2 September 2002 – Following some successes by European Union countries, Eastern European countries have continued to try to open their rapidly growing electric markets and privatize them, however a recent report says that, even though Eastern Europeans want the immediate gratification of money and efficiency, they also want to avoid the risk of foreign take-over and the loss of jobs, a conflict that leads to choppy regulatory progress at best.

The conclusion comes from an analysis by Enerdata S.A., a major electricity-business consulting firm based in Grenoble, France.

“It has been stop and go” in Eastern Europe, said Enerdata President Bertrand Chateau. He wrote a chapter about European electric considerations for Natural Gas and Electric Power Industries Analysis (2002) (Houston: Financial Communications Company, 2002), covering in depth European electric supply, demand, outlook, mergers, and governmental affairs.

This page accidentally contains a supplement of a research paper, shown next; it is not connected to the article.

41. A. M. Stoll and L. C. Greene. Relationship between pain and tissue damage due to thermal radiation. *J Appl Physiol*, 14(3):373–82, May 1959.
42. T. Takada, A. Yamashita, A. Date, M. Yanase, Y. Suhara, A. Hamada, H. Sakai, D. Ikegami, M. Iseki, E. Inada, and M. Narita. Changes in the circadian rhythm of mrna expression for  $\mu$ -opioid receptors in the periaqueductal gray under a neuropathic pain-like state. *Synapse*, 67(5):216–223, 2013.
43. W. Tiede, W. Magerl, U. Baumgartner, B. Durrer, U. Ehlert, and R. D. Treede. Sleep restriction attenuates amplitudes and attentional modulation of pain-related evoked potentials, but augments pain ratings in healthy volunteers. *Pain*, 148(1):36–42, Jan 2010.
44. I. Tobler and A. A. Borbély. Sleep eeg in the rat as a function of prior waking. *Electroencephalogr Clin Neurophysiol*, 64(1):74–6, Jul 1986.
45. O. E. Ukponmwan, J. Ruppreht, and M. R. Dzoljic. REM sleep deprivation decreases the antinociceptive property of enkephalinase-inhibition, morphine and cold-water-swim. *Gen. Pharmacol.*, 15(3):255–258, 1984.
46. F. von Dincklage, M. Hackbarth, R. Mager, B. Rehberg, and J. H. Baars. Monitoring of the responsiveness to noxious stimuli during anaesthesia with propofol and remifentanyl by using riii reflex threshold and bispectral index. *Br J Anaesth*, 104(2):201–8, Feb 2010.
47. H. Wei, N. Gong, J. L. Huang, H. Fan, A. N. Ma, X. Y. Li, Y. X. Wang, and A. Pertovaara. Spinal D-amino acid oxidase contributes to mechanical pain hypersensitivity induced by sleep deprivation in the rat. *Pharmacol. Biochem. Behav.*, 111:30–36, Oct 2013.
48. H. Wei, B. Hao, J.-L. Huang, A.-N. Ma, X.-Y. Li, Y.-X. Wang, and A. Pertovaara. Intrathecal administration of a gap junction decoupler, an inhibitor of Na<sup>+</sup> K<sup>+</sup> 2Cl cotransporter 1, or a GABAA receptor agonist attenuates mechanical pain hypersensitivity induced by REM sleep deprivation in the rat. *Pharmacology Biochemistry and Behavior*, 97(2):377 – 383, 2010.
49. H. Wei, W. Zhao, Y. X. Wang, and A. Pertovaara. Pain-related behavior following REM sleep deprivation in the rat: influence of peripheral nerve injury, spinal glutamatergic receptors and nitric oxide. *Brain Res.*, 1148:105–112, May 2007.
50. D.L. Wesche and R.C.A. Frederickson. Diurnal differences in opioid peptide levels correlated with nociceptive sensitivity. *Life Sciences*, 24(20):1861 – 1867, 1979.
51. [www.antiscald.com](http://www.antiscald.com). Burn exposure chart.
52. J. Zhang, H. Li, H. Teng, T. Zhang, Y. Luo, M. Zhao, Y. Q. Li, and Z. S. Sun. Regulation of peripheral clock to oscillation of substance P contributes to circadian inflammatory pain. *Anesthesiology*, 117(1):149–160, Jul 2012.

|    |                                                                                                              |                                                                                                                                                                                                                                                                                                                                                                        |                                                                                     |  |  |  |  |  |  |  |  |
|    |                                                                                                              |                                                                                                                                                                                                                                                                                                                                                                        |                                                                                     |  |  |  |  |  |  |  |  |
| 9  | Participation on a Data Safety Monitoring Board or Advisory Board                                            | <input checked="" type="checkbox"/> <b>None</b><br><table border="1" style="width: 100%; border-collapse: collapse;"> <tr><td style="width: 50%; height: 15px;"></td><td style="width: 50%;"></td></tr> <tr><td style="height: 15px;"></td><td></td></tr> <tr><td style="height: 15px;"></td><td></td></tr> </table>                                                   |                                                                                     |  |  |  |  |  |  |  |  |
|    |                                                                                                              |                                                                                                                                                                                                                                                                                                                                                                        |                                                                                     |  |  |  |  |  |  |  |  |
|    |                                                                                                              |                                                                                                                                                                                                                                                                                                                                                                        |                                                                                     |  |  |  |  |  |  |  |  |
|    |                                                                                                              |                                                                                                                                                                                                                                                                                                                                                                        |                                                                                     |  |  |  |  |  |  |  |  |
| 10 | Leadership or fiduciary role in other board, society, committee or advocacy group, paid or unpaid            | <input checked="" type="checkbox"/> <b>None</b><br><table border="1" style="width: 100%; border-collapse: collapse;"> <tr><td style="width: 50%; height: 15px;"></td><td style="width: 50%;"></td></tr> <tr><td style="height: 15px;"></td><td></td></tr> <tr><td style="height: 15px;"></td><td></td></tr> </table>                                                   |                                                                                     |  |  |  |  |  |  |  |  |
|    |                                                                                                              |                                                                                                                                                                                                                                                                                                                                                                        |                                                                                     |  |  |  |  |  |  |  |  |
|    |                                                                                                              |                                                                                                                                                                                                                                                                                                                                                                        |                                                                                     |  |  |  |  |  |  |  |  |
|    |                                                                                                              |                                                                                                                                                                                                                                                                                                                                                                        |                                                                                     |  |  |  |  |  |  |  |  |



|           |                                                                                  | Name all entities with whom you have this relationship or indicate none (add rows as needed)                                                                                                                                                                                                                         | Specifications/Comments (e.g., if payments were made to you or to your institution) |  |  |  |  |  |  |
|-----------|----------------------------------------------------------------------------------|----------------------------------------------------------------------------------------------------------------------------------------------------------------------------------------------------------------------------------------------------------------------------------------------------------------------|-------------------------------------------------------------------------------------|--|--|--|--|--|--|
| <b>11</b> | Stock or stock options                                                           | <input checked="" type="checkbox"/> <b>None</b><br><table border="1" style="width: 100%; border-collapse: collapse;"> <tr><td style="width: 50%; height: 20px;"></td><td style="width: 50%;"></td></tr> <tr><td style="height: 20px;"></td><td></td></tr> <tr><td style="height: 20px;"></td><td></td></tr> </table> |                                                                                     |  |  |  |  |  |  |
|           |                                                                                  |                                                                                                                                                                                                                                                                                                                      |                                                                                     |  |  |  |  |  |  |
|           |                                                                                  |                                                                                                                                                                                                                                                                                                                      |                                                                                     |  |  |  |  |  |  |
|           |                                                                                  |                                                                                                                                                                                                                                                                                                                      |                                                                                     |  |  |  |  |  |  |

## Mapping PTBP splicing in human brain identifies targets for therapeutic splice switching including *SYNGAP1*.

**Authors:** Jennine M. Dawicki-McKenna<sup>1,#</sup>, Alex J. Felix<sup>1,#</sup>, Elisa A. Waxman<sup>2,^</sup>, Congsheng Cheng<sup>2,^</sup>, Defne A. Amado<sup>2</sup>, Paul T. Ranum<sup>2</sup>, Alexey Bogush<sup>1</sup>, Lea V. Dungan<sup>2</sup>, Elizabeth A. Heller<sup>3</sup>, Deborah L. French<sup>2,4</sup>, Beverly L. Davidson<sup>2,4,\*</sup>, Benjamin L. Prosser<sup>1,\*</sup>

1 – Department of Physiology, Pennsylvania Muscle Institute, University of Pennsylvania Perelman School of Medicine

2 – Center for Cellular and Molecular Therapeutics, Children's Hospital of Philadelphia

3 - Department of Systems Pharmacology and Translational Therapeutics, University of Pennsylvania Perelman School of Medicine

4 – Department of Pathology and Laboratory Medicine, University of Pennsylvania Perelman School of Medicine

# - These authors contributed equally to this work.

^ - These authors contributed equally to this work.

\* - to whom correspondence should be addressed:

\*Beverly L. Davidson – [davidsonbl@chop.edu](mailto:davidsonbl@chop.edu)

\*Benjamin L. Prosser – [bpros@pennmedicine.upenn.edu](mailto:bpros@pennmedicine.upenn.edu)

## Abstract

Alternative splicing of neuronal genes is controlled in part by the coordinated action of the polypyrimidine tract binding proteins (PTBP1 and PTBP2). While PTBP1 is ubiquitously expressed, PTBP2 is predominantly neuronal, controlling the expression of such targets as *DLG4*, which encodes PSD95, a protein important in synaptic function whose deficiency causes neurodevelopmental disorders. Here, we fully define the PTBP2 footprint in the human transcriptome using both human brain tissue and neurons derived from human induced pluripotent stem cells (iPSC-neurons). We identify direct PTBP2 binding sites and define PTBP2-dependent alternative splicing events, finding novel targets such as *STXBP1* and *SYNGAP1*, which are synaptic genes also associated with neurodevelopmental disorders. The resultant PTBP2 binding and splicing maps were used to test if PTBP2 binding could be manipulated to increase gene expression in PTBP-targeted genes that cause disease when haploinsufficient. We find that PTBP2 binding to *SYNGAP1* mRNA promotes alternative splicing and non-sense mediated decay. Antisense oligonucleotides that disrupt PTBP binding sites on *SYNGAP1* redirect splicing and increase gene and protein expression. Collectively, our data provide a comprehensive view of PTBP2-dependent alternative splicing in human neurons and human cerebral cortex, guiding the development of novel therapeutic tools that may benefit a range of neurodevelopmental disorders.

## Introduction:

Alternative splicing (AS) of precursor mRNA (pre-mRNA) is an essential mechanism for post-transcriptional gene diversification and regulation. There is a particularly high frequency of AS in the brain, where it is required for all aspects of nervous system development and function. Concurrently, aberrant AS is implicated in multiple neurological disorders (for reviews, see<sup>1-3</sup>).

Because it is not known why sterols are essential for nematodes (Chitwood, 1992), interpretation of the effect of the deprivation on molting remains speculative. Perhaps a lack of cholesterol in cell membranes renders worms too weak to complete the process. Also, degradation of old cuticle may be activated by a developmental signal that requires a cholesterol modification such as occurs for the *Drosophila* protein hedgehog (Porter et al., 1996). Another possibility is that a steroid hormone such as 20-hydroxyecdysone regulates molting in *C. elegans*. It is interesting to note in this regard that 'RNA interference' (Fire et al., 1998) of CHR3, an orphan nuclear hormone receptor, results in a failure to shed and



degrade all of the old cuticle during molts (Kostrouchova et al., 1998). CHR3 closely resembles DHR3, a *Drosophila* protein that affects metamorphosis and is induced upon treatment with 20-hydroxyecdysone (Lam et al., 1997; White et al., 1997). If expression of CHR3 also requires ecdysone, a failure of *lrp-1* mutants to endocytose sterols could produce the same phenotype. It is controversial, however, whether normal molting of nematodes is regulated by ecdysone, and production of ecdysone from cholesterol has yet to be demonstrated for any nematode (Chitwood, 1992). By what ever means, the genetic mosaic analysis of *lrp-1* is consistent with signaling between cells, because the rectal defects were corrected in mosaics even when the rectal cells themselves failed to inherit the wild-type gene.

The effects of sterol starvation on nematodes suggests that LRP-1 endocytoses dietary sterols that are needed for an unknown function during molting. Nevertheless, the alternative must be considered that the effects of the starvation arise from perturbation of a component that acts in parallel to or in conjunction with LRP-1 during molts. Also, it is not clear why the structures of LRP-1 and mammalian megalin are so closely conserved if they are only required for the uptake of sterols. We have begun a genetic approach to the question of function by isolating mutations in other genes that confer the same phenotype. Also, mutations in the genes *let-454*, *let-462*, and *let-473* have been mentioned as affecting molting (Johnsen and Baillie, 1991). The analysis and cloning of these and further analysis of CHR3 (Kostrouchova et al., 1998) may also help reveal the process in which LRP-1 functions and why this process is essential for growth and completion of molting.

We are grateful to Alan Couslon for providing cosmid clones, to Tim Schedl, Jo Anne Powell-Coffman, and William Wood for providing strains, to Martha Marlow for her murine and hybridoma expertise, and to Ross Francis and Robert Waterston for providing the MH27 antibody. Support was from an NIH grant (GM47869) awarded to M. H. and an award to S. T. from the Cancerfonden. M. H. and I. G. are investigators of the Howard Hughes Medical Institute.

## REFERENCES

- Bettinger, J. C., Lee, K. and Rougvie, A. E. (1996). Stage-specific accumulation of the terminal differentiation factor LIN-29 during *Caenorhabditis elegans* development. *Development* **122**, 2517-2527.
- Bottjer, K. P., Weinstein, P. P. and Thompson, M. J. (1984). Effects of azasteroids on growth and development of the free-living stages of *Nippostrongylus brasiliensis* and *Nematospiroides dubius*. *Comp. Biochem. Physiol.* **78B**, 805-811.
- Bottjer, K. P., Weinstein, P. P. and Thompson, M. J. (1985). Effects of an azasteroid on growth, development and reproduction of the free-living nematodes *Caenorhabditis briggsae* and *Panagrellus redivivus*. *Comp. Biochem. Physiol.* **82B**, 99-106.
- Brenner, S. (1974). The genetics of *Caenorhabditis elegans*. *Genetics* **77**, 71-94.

Chateau said, “The main problem for these countries is to avoid the foreign companies taking over all the business.” As a result, he said, the governments” decide to go ahead with privatization, then there is a parliamentary reaction” stopping the process, reflecting at least in part the fear of loss of jobs. This schizophrenia “is the major problem today.”

At stake are one major market, Poland; one relatively smaller market, Hungary; and other minor markets. In the near future, Polish users will consume in the order of 200 TWh a year; Hungarian users, about 45 TWh a year. At those rates, Polish consumption would then be only a little less than Spain’s (222 TWh a year in 2000, according to Chateau’s chapter in Natural Gas and Electric Power Industries Analysis), while Hungarian consumption would be about the same as Portugal’s (43 TWh a year in 2000, according to the chapter).

Thus, in electric-market terms, the Eastern European electric market is somewhere near the Iberian Peninsula’s. At current growth rates, Eastern Europe may soon assume a more-dominant role. The major players, Poland and Hungary, have been growing at the rate of 40 per cent a year in electricity use.